Matteo Capobianco, aka Ufo5, was born in Novara in 1981. Originally an active member of the Italian writing scene, he gradually began to embrace a more extensive definition of street art while completing his design studies at the Politecnico of Milan.
As a firm believer in the endless possibilities of the mural as a communication tool, Matteo began to experiment with different techniques beyond the restrictions that writing as a codified subculture was putting in place.
Central to Ufocinque’s vision is his layering tehcnique: each element blending traditional painting techniques with a project-oriented attitude in which multiple levels of interpretation are intertwined together. Form is never detached from function as they are sustaining each other to create an effortlessly beautiful world.
asylum-art:

Papercut Installation by UfoCinque 
on Flickr
Matteo Capobianco, aka Ufo5, was born in Novara in 1981. Originally an active member of the Italian writing scene, he gradually began to embrace a more extensive definition of street art while completing his design studies at the Politecnico of Milan.
As a firm believer in the endless possibilities of the mural as a communication tool, Matteo began to experiment with different techniques beyond the restrictions that writing as a codified subculture was putting in place.
Central to Ufocinque’s vision is his layering tehcnique: each element blending traditional painting techniques with a project-oriented attitude in which multiple levels of interpretation are intertwined together. Form is never detached from function as they are sustaining each other to create an effortlessly beautiful world.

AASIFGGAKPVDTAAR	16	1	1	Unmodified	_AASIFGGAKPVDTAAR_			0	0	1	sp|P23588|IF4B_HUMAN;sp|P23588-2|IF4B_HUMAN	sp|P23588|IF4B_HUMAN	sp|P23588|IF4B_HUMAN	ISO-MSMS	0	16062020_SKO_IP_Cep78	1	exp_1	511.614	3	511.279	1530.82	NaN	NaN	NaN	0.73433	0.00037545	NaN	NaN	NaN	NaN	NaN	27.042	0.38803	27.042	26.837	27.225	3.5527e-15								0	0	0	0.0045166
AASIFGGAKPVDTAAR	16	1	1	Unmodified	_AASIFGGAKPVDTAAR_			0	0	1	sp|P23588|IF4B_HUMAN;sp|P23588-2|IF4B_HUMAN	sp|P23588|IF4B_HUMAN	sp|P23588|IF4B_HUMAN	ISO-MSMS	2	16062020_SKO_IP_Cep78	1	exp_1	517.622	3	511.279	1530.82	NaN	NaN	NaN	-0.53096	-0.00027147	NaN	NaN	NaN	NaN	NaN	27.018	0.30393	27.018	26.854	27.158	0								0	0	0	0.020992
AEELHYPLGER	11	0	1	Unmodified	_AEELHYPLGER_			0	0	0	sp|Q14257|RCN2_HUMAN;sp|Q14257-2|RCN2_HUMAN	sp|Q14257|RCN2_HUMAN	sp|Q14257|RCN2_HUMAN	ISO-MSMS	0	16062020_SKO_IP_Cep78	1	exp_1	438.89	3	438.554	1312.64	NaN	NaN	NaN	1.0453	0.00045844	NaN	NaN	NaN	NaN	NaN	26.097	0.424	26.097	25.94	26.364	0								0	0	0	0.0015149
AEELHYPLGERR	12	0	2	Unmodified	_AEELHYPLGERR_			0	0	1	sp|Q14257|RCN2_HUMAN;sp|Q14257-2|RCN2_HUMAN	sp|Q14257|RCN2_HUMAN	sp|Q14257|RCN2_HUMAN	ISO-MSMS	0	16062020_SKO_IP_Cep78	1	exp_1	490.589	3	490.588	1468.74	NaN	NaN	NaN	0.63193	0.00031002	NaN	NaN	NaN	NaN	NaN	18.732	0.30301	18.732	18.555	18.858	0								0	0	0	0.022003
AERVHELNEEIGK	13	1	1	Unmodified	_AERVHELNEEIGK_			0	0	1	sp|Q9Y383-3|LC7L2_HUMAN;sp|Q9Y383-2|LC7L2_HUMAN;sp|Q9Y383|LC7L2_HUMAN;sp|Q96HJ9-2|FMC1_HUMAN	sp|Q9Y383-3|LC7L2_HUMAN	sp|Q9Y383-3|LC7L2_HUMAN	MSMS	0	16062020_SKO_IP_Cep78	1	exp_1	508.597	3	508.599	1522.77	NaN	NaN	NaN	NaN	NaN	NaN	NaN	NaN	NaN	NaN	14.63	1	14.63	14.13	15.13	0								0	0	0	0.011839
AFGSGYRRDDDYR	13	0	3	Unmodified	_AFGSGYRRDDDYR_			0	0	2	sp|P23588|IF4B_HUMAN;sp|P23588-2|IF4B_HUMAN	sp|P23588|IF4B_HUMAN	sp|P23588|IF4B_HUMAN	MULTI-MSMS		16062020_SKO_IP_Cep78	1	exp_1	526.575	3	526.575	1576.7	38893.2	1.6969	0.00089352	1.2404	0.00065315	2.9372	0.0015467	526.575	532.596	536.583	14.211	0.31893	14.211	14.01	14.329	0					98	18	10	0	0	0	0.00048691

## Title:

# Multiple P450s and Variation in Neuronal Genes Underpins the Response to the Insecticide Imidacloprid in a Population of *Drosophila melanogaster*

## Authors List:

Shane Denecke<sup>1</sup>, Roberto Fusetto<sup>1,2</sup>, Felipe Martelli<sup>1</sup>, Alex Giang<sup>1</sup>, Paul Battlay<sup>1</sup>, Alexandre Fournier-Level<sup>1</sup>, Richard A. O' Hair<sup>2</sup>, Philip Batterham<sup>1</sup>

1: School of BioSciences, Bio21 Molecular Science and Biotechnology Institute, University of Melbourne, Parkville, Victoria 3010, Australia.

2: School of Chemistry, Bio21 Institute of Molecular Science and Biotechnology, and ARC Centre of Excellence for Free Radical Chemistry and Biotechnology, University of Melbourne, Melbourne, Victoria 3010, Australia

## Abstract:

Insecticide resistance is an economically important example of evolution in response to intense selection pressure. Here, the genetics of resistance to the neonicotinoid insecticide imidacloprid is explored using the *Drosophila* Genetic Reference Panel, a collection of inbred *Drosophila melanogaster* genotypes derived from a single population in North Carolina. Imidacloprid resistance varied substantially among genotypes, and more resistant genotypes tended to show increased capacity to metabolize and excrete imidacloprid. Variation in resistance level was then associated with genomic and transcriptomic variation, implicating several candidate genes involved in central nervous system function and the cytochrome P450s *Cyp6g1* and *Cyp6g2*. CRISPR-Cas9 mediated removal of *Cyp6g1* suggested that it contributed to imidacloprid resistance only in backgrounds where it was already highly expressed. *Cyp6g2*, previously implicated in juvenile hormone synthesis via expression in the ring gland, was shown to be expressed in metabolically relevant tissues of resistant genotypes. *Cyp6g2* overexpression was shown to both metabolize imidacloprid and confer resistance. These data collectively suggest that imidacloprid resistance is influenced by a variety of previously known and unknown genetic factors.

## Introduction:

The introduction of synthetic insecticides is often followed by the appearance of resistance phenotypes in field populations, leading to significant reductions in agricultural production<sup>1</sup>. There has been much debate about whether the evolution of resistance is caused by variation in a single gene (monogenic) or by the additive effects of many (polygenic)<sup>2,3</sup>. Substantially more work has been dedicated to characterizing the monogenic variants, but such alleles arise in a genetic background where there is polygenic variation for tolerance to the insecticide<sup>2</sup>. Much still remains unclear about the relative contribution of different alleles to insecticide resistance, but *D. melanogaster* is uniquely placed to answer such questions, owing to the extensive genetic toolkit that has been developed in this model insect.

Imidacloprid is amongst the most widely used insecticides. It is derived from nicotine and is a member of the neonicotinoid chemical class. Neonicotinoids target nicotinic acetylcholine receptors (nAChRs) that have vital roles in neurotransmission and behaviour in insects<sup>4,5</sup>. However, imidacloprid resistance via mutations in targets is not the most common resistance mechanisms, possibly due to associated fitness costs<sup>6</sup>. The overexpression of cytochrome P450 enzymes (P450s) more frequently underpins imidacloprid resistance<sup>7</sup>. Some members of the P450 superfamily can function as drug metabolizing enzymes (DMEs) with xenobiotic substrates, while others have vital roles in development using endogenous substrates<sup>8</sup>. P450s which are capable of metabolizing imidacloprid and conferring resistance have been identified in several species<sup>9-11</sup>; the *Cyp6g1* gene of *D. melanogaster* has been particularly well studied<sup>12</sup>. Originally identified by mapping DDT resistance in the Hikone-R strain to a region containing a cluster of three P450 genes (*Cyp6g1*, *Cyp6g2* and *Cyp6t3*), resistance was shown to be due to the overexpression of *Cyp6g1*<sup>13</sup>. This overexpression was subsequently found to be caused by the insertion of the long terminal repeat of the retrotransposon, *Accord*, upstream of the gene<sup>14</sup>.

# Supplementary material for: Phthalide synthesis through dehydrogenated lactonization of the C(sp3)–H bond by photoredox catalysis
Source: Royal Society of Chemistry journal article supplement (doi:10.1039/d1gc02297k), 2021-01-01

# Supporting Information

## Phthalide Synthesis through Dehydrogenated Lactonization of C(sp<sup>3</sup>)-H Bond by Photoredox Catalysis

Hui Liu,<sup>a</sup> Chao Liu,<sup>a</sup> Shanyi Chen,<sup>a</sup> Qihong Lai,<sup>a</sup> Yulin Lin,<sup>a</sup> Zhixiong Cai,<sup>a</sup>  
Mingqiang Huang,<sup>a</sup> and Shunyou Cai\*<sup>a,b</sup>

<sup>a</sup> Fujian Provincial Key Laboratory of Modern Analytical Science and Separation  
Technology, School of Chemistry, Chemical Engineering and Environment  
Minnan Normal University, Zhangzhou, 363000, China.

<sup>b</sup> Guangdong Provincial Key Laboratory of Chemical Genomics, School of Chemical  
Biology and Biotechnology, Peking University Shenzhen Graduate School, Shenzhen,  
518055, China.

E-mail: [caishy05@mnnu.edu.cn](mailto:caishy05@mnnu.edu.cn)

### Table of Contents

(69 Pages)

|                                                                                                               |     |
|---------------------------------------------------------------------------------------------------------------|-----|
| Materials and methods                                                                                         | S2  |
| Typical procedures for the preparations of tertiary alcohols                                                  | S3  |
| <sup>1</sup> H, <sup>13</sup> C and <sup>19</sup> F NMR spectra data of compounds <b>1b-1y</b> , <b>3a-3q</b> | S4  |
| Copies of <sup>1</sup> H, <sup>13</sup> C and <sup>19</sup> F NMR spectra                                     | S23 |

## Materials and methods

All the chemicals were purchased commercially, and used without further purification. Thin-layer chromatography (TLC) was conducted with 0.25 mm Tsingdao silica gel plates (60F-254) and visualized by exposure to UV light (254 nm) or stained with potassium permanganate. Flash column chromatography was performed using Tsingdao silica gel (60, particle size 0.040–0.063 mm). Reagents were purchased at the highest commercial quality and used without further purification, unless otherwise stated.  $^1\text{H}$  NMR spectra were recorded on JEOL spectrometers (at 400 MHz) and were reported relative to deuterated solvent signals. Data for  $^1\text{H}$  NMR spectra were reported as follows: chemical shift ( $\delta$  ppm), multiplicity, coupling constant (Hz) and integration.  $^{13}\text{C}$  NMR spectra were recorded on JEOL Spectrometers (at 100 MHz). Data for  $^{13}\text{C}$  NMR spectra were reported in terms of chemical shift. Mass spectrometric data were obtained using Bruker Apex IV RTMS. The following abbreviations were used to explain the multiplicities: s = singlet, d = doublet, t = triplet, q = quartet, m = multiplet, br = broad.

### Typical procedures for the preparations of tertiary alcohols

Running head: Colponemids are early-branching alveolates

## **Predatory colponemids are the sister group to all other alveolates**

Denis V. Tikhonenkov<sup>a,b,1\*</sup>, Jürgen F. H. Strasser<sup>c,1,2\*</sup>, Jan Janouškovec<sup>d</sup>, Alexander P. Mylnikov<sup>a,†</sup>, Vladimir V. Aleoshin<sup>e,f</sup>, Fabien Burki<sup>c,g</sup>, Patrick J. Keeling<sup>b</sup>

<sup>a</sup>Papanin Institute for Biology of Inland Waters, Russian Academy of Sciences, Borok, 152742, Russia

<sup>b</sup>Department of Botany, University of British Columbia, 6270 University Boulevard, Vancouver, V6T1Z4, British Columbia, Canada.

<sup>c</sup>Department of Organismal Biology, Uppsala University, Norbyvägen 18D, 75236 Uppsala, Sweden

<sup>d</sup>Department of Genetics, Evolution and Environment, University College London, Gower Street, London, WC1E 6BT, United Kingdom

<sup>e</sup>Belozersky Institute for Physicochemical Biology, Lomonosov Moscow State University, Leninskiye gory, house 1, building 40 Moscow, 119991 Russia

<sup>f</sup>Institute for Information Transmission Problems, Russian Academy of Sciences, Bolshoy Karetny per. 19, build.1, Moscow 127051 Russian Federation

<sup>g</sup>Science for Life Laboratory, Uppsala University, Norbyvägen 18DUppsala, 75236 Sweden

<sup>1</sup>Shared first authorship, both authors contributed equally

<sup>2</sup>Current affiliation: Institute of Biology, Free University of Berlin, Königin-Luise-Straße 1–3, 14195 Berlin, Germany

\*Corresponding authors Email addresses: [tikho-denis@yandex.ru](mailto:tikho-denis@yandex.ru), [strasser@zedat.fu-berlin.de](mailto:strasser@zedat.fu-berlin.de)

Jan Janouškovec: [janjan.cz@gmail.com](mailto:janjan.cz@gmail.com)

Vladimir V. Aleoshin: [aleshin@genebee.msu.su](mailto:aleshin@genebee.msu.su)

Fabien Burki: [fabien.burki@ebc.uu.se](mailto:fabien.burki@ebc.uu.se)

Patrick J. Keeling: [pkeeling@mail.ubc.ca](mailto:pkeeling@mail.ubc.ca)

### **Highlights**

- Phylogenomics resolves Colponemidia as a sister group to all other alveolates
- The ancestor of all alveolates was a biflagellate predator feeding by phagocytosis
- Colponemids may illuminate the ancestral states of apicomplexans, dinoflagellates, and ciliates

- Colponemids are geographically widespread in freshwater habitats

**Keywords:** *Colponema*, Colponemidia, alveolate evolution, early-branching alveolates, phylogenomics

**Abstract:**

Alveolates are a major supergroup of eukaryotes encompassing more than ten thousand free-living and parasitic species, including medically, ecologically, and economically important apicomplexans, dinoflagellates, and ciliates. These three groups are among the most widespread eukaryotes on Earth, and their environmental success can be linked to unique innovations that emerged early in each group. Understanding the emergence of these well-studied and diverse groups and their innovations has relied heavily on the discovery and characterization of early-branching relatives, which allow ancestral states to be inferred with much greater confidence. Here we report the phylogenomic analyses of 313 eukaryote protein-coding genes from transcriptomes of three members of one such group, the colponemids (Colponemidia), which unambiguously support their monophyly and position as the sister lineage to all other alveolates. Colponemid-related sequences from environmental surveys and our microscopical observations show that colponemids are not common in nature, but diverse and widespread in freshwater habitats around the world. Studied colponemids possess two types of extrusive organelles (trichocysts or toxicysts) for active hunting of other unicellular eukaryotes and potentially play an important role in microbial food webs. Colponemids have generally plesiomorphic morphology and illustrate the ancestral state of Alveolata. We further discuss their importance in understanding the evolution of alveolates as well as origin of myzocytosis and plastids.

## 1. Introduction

asylum-art:

Papercut Installation by UfoCinque

on Flickr

Matteo Capobianco, aka Ufo5, was born in Novara in 1981. Originally an active member of the Italian writing scene, he gradually began to embrace a more extensive definition of street art while completing his design studies at the Politecnico of Milan.

As a firm believer in the endless possibilities of the mural as a communication tool, Matteo began to experiment with different techniques beyond the restrictions that writing as a codified subculture was putting in place.

Central to Ufocinque’s vision is his layering tehcnique: each element blending traditional painting techniques with a project-oriented attitude in which multiple levels of interpretation are intertwined together. Form is never detached from function as they are sustaining each other to create an effortlessly beautiful world.

(via asylum-art)

asylum-art:

 New Kimono-Inspired Wood Panel Paintings by Audrey Kawasaki 

Los Angeles-based artist Audrey Kawasaki recently unveiled her latest series of wood panel paintings inspired by kimonos given to her by her mother. Titled Hirari Hirari (“the sound or movement of a petal, leaf, or flower slowly falling”), the series on display from August 2 to August 30 at the Merry Karnowsky Gallery in Los Angeles.
asylum-art:

 New Kimono-Inspired Wood Panel Paintings by Audrey Kawasaki 

Los Angeles-based artist Audrey Kawasaki recently unveiled her latest series of wood panel paintings inspired by kimonos given to her by her mother. Titled Hirari Hirari (“the sound or movement of a petal, leaf, or flower slowly falling”), the series on display from August 2 to August 30 at the Merry Karnowsky Gallery in Los Angeles.
asylum-art:

 New Kimono-Inspired Wood Panel Paintings by Audrey Kawasaki